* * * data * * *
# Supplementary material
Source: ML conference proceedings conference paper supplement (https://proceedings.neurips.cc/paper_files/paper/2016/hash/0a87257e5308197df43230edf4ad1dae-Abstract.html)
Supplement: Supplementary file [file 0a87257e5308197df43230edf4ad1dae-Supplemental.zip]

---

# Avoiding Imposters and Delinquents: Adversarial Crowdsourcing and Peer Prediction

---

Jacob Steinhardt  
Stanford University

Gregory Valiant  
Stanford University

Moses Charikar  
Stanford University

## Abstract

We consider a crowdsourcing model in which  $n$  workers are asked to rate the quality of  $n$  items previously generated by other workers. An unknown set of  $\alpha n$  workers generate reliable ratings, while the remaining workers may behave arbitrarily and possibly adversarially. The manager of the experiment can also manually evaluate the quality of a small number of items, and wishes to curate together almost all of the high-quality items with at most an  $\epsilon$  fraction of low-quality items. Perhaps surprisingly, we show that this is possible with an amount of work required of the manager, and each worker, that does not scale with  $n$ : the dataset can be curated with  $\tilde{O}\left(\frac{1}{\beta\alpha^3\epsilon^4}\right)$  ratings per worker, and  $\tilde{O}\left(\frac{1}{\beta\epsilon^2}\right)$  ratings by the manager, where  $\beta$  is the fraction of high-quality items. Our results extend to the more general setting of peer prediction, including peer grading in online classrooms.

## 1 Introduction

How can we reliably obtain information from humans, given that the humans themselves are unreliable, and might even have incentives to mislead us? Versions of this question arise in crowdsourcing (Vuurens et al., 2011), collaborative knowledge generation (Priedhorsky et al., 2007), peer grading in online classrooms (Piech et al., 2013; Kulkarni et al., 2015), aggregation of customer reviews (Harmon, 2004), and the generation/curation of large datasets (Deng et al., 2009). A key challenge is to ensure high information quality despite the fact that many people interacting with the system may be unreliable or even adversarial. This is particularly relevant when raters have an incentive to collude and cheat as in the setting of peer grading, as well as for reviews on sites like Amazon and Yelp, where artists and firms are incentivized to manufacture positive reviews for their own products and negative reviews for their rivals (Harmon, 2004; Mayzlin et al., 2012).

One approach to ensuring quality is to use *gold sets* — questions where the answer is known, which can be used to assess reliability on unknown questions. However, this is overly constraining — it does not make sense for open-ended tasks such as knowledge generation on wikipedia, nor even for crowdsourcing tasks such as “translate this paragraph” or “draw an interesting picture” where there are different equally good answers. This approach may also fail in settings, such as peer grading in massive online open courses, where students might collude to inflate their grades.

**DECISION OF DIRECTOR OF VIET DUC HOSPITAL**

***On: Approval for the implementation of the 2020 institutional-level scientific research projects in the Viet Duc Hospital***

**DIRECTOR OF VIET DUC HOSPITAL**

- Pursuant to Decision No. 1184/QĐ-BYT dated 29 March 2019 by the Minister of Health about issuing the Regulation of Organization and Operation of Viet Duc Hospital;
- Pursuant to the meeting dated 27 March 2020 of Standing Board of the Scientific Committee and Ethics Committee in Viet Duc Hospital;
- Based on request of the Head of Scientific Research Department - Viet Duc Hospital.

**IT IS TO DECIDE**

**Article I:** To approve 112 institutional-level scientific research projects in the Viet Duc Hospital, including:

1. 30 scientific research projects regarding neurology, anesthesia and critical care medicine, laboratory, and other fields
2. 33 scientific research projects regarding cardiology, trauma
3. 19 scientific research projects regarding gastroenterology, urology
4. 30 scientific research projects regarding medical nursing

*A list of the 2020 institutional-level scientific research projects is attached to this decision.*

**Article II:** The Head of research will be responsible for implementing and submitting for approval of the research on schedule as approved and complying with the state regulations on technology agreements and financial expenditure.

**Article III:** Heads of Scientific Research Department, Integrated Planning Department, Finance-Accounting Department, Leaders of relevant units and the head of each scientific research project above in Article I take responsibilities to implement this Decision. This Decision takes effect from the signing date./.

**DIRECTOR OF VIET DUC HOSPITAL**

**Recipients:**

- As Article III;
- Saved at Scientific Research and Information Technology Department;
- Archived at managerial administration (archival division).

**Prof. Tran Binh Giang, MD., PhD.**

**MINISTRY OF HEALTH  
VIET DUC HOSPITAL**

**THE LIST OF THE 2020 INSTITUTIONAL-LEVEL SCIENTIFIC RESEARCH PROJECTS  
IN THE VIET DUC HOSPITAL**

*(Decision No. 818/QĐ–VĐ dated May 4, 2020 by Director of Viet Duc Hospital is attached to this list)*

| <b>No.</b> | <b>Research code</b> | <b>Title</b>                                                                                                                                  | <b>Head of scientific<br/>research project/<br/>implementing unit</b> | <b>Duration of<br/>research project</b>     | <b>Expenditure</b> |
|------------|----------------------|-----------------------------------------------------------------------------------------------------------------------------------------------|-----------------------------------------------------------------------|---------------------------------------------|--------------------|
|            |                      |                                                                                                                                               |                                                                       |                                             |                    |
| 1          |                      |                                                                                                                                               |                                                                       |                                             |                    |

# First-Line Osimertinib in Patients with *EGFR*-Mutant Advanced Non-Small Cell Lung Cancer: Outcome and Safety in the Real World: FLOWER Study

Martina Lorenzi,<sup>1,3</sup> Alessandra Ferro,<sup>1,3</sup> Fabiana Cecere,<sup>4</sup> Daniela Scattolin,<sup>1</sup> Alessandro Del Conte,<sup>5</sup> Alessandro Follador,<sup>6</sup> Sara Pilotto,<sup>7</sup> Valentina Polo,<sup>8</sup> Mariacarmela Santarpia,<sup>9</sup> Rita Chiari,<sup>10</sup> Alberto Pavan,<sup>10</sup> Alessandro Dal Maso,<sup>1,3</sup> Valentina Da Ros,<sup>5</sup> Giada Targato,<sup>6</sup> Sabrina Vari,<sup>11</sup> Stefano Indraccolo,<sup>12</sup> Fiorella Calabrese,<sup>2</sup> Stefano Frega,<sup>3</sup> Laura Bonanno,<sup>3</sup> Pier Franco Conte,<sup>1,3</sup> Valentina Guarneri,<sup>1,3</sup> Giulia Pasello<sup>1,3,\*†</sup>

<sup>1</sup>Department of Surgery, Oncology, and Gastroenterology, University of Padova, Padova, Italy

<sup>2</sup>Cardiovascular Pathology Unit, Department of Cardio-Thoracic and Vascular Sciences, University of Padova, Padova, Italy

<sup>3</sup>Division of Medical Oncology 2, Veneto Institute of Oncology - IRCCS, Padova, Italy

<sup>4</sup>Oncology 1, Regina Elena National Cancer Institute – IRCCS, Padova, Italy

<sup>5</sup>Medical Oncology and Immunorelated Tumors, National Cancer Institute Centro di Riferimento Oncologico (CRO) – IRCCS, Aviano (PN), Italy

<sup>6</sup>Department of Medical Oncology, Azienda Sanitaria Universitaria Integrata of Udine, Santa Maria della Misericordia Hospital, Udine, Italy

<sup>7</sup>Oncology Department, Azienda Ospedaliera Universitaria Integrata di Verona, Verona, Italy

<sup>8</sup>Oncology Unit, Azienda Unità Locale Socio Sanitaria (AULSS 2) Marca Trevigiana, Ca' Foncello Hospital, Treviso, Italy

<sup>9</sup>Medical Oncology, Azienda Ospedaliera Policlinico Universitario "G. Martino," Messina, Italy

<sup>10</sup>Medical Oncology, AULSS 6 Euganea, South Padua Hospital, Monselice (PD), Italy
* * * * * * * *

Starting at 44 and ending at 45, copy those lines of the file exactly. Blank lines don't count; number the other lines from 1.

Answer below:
| <b>No.</b> | <b>Research code</b> | <b>Title</b>                                                                                                                                  | <b>Head of scientific<br/>research project/<br/>implementing unit</b> | <b>Duration of<br/>research project</b>     | <b>Expenditure</b> |
|------------|----------------------|-----------------------------------------------------------------------------------------------------------------------------------------------|-----------------------------------------------------------------------|---------------------------------------------|--------------------|